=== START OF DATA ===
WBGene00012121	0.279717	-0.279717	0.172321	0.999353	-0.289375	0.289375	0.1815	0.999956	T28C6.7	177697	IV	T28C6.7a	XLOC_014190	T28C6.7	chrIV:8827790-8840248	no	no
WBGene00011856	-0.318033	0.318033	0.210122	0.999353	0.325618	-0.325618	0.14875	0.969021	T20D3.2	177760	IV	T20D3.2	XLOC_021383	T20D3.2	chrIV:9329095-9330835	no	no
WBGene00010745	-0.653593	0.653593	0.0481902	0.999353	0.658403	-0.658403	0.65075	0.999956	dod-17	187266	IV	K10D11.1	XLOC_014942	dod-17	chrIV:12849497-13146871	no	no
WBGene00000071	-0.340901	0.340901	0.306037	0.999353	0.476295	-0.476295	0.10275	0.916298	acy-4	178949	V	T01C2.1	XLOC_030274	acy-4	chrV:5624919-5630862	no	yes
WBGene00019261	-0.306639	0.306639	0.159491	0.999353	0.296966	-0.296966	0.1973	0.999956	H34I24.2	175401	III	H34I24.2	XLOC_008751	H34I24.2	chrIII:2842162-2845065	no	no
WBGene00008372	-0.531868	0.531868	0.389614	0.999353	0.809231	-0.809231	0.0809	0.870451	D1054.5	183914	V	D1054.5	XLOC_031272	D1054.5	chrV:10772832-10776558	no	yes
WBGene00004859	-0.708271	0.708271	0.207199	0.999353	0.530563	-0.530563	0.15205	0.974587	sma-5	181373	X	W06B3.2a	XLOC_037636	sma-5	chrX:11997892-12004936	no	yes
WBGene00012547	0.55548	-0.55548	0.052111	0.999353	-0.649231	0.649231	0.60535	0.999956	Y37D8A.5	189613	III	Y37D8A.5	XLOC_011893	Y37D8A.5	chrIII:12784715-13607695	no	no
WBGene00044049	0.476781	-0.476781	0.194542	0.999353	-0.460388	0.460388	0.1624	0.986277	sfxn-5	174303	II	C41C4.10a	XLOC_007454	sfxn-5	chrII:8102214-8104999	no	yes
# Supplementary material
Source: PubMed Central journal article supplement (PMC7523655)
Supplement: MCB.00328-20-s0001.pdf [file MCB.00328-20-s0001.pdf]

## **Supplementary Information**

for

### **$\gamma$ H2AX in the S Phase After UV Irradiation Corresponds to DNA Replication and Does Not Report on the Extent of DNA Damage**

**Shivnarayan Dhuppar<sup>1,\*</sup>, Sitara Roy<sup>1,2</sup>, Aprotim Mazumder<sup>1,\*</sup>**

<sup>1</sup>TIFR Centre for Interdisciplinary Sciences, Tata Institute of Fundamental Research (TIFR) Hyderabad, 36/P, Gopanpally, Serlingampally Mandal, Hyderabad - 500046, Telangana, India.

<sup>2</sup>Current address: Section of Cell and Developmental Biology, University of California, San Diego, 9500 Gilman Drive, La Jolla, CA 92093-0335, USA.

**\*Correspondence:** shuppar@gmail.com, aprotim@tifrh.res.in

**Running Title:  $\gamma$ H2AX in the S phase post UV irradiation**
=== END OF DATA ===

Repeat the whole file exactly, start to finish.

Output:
WBGene00012121	0.279717	-0.279717	0.172321	0.999353	-0.289375	0.289375	0.1815	0.999956	T28C6.7	177697	IV	T28C6.7a	XLOC_014190	T28C6.7	chrIV:8827790-8840248	no	no
WBGene00011856	-0.318033	0.318033	0.210122	0.999353	0.325618	-0.325618	0.14875	0.969021	T20D3.2	177760	IV	T20D3.2	XLOC_021383	T20D3.2	chrIV:9329095-9330835	no	no
WBGene00010745	-0.653593	0.653593	0.0481902	0.999353	0.658403	-0.658403	0.65075	0.999956	dod-17	187266	IV	K10D11.1	XLOC_014942	dod-17	chrIV:12849497-13146871	no	no
WBGene00000071	-0.340901	0.340901	0.306037	0.999353	0.476295	-0.476295	0.10275	0.916298	acy-4	178949	V	T01C2.1	XLOC_030274	acy-4	chrV:5624919-5630862	no	yes
WBGene00019261	-0.306639	0.306639	0.159491	0.999353	0.296966	-0.296966	0.1973	0.999956	H34I24.2	175401	III	H34I24.2	XLOC_008751	H34I24.2	chrIII:2842162-2845065	no	no
WBGene00008372	-0.531868	0.531868	0.389614	0.999353	0.809231	-0.809231	0.0809	0.870451	D1054.5	183914	V	D1054.5	XLOC_031272	D1054.5	chrV:10772832-10776558	no	yes
WBGene00004859	-0.708271	0.708271	0.207199	0.999353	0.530563	-0.530563	0.15205	0.974587	sma-5	181373	X	W06B3.2a	XLOC_037636	sma-5	chrX:11997892-12004936	no	yes
WBGene00012547	0.55548	-0.55548	0.052111	0.999353	-0.649231	0.649231	0.60535	0.999956	Y37D8A.5	189613	III	Y37D8A.5	XLOC_011893	Y37D8A.5	chrIII:12784715-13607695	no	no
WBGene00044049	0.476781	-0.476781	0.194542	0.999353	-0.460388	0.460388	0.1624	0.986277	sfxn-5	174303	II	C41C4.10a	XLOC_007454	sfxn-5	chrII:8102214-8104999	no	yes
# Supplementary material
Source: PubMed Central journal article supplement (PMC7523655)
Supplement: MCB.00328-20-s0001.pdf [file MCB.00328-20-s0001.pdf]

## **Supplementary Information**

for

### **$\gamma$ H2AX in the S Phase After UV Irradiation Corresponds to DNA Replication and Does Not Report on the Extent of DNA Damage**

**Shivnarayan Dhuppar<sup>1,\*</sup>, Sitara Roy<sup>1,2</sup>, Aprotim Mazumder<sup>1,\*</sup>**

<sup>1</sup>TIFR Centre for Interdisciplinary Sciences, Tata Institute of Fundamental Research (TIFR) Hyderabad, 36/P, Gopanpally, Serlingampally Mandal, Hyderabad - 500046, Telangana, India.

<sup>2</sup>Current address: Section of Cell and Developmental Biology, University of California, San Diego, 9500 Gilman Drive, La Jolla, CA 92093-0335, USA.

**\*Correspondence:** shuppar@gmail.com, aprotim@tifrh.res.in

**Running Title:  $\gamma$ H2AX in the S phase post UV irradiation**